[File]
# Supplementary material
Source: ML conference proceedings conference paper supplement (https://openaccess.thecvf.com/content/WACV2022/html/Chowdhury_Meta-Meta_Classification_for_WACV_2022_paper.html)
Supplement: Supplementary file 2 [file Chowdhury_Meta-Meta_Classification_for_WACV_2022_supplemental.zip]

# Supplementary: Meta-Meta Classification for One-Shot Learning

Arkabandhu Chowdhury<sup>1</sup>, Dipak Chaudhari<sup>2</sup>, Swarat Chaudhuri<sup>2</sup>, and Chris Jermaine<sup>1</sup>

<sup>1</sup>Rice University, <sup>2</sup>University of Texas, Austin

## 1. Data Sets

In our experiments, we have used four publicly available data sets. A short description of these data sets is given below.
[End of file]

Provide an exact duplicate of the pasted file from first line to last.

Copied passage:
# Supplementary material
Source: ML conference proceedings conference paper supplement (https://openaccess.thecvf.com/content/WACV2022/html/Chowdhury_Meta-Meta_Classification_for_WACV_2022_paper.html)
Supplement: Supplementary file 2 [file Chowdhury_Meta-Meta_Classification_for_WACV_2022_supplemental.zip]

# Supplementary: Meta-Meta Classification for One-Shot Learning

Arkabandhu Chowdhury<sup>1</sup>, Dipak Chaudhari<sup>2</sup>, Swarat Chaudhuri<sup>2</sup>, and Chris Jermaine<sup>1</sup>

<sup>1</sup>Rice University, <sup>2</sup>University of Texas, Austin

## 1. Data Sets

In our experiments, we have used four publicly available data sets. A short description of these data sets is given below.